Producer and star Shah Rukh Khan and film-maker Farah Khan don't have to wait till Monday to uncork the champagne bottles. For Om Shanti Om, their second collaboration following Main Hoon Na, is a gloriously entertaining film and the word that it is one of the funniest films in years would be out even before the first public screening ends.
As for the much publicised scenes in which Shah Rukh flexes his abs during the song Dard-E-Disco, one can safely say that audiences would swoon over the scene; in New York, many of the preview audiences on Thursday (some of whom had seen the previous day Ranbir Kapoor's derriere in Saawariya without much enthusiasm), gave small a roar when Shah Rukh began dancing and removing his shirt.
The film, which is also a love letter to Hindi films, could send many of us reeling into nostalgia as scenes and musical bars from many hit films of the 1960s and 1970s are imaginatively woven into newly composed songs and other situations.
In fact, the film starts with Rishi Kapoor dancing to the song Om Shanti Om in Karz (which is an inspiration to this film) but a minute or two later, we see Om Prakash Makhija (Shah Rukh Khan) who is a junior artist with big dreams replacing Rishi Kapoor on the big screen. Little later in yet another song, we see Shah Rukh replacing a raft of the 1970s idols including Sunil Dutt.
While Farah Khan pays homage to many hit films she grew up, her biggest accomplishment is seen in the briskly paced song sequence in which practically every star in the film industry from Dharmendra, Rekha, Mithun Chakraborty to Saif Khan joining in the celebration.
Among the film's amusing moments is an award ceremony when Om, who is in reincarnated after being murdered by the henchmen of a faithless producer Mukesh (Arjun Rampal), is nominated for a best actor award -- for two films. Watch out for Abhishek Bachchan as a nominee who is convinced that he will be the winner. He is really funny when he swears under the breath when the winner is announced.
There is so much of entertainment in the film, even as the titles are rolling at the end and you get to see much of the cast and crew, that some viewers may wish the crime drama had a much smaller role.
One laughs one's guts out especially at the deliberately designed over the top acting scenes in the first half with Kirron Kher having a grand time as the has-been junior artist. Her melodrama amuses and worries her son Om who has dreams beyond his junior artist status.
While we are having a lot of fun, we can also feel the film losing the momentum in the middle. Some viewers may also find it difficult to accept newcomer Deepika Padukone's turn as a glamorous movie star Shanti who has won Om's heart. Though she looks charming, Padukone cannot really exude enough glamour and star magic to make one feel that she is really playing a screen goddess.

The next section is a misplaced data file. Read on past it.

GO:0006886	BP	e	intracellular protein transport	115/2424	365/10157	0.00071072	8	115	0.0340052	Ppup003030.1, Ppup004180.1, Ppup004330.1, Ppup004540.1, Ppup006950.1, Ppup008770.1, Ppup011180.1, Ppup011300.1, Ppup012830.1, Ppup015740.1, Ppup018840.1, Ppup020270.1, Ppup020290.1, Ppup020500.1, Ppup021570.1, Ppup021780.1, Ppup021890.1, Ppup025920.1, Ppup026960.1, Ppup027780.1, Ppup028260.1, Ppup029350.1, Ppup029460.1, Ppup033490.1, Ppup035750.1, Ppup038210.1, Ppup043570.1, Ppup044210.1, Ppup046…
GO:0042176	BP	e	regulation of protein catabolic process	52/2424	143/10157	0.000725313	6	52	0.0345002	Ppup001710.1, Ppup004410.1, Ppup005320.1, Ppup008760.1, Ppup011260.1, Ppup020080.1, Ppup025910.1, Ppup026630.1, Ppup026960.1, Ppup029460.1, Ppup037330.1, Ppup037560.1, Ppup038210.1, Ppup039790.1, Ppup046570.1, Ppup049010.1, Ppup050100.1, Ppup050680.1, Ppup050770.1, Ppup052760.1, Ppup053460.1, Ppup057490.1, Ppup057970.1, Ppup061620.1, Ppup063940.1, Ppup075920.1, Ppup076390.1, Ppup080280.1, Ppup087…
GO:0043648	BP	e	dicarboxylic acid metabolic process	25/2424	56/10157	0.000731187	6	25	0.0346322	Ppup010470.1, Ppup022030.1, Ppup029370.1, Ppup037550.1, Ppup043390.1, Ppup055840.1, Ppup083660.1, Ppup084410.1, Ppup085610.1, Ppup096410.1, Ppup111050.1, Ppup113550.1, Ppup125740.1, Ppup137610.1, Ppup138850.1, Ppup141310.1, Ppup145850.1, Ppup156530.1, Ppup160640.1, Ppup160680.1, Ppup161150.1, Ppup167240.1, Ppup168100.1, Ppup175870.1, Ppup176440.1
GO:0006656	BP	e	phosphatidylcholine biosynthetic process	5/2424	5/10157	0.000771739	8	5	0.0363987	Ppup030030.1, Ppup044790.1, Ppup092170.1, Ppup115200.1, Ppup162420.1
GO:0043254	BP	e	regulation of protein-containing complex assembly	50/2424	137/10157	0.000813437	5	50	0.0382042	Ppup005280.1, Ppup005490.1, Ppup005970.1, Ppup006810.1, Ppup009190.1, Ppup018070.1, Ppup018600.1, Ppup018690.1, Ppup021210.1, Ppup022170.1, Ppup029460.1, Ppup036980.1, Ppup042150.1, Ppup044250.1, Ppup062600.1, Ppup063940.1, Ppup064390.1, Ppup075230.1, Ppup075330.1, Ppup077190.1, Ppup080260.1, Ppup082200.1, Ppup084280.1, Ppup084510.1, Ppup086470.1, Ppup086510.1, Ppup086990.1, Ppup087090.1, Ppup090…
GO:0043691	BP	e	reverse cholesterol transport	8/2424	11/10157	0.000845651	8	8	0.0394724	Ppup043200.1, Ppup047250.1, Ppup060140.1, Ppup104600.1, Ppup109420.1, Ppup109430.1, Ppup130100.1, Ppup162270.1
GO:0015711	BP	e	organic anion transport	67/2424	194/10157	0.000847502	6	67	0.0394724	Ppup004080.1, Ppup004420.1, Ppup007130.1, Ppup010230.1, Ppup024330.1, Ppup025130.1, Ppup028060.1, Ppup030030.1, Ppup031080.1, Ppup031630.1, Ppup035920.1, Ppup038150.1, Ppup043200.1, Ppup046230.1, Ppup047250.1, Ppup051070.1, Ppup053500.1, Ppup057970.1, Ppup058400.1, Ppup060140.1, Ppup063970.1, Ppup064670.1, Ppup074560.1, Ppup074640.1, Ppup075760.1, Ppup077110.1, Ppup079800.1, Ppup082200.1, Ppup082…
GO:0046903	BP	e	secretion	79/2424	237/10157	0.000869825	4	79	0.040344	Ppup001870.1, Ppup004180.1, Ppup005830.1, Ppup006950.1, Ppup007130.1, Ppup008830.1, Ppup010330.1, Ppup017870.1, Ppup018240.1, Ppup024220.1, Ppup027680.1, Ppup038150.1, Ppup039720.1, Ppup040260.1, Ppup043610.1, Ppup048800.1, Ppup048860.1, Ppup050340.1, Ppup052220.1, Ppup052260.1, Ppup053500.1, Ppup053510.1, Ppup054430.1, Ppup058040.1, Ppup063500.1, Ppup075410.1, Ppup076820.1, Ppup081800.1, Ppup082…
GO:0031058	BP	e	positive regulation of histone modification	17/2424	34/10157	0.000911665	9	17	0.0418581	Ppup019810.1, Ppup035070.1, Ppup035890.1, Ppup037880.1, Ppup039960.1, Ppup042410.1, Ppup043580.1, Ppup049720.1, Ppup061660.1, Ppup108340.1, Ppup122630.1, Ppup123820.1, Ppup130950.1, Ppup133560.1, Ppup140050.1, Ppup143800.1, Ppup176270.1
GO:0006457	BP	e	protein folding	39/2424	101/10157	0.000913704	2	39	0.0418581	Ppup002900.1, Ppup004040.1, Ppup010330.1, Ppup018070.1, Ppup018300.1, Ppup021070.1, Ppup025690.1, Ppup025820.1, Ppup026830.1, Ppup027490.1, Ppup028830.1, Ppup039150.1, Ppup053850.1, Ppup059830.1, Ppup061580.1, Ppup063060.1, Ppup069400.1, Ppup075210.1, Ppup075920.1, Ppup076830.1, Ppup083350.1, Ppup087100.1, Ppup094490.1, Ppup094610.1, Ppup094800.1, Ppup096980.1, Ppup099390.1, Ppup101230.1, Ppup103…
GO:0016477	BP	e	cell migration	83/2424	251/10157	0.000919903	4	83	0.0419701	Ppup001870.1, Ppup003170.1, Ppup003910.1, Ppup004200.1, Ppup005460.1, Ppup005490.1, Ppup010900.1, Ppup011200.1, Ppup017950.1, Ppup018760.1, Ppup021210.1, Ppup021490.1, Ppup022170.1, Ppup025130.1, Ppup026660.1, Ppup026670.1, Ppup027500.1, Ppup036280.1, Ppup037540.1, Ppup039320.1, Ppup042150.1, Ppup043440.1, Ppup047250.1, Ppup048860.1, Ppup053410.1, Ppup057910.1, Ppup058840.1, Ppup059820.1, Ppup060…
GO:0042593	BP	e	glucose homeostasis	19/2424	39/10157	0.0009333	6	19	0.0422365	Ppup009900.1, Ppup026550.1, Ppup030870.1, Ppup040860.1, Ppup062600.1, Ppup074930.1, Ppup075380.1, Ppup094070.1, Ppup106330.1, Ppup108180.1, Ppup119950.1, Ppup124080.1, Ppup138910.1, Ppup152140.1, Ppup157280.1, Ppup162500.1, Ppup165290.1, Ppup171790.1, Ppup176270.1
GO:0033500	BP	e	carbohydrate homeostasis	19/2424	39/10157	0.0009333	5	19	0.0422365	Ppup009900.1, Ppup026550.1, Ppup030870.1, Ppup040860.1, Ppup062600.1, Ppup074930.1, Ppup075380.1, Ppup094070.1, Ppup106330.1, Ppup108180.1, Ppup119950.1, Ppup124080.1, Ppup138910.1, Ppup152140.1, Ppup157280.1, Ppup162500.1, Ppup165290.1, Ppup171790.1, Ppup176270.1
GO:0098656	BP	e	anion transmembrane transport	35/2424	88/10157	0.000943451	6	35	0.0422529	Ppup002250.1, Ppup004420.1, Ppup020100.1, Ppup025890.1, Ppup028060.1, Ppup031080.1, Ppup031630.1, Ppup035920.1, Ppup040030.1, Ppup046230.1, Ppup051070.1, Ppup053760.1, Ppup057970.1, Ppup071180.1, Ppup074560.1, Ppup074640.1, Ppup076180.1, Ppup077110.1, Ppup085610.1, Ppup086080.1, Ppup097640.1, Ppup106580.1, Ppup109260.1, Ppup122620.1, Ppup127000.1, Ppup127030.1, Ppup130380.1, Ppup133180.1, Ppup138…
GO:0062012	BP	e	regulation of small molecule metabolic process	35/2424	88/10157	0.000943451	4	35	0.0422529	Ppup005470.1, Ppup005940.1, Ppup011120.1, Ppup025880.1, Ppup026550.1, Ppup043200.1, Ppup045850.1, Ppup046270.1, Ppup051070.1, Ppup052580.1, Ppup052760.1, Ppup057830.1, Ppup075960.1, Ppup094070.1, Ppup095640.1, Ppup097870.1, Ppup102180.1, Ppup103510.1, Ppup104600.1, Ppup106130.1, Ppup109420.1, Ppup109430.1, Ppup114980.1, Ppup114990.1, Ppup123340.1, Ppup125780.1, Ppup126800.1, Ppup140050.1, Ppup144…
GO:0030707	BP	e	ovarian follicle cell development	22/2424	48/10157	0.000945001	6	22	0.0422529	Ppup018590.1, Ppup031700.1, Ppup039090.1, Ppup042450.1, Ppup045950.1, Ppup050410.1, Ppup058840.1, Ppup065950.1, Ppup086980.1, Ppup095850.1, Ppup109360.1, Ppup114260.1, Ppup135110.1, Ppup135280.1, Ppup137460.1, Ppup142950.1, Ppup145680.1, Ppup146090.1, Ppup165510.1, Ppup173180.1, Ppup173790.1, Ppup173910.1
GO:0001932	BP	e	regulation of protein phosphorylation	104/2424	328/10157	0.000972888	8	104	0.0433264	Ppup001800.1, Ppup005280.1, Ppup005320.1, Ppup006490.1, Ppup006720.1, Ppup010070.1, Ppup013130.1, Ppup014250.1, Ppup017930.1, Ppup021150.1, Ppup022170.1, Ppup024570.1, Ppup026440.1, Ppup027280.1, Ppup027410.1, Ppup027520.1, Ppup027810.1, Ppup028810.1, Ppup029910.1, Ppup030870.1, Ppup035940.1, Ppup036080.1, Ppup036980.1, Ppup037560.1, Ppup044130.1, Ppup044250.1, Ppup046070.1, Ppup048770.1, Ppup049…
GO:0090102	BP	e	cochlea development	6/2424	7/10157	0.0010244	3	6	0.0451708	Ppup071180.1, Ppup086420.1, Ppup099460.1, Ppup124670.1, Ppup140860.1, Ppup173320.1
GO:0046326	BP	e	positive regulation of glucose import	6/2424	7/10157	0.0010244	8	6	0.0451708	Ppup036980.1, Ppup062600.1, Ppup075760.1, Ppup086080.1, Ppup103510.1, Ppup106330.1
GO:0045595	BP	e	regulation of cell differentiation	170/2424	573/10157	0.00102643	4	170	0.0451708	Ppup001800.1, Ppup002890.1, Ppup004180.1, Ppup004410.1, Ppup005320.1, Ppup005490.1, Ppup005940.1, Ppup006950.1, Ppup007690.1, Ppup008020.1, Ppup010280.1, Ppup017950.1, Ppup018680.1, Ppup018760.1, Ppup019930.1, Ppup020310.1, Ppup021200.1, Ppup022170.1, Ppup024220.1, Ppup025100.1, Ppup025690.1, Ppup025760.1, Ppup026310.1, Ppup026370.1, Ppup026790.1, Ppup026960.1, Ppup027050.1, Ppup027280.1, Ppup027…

The film starts in the 1970s when Om, an aspiring actor gets accidentally enmeshed in the life of a movie star called Shanti. He rescues her from a raging fire early on in the film but when her boyfriend (Rampal) arranges for her death by arson Om fails to save her.
Badly beaten up, he dies soon in a hospital. Within a minute or two, in another ward in the hospital a child is born to big shot in the tinsel town. He will be named Om Kapoor.
In the second half of the film, Om Kapoor flaunts his success, comes to the sets late and dictates changes in the script.
But soon the past starts haunting him especially when he shoots scenes involving fire and flames.
Enter Mike, who 30 years ago was known as Mukesh. We know he was the boyfriend of Shanti. Now, he has returned from a long stay in Hollywood and wants to make a film with Om Kapoor in the lead.
It doesn't take Om a long time to realize what had happened to him and Shanti in the previous birth.
Meanwhile a young woman who is the carbon copy of Shanti (Padukone again) has entered his life. Om now sets out to expose Mike using a detailed ploy.
Though the long drawn climax is a bit of a bore, the film gains ground at the end as the credit titles start rolling.
I would love to see the film again, not only to enjoy its in-jokes and parody but also watch carefully how Farah Khan and her team, especially the art department, has used their creativity. The burnt out set, for example, looks really haunted and surreal. It is one of the many sets that are expertly used through out the film.
With an embarrassment of riches the film offers by way of comedy, lively songs (Vishal-Shekhar) and spirited performances (in the first half), we can forgive the many things that are not inspiring, especially Shah Rukh's emotional scenes in the second half.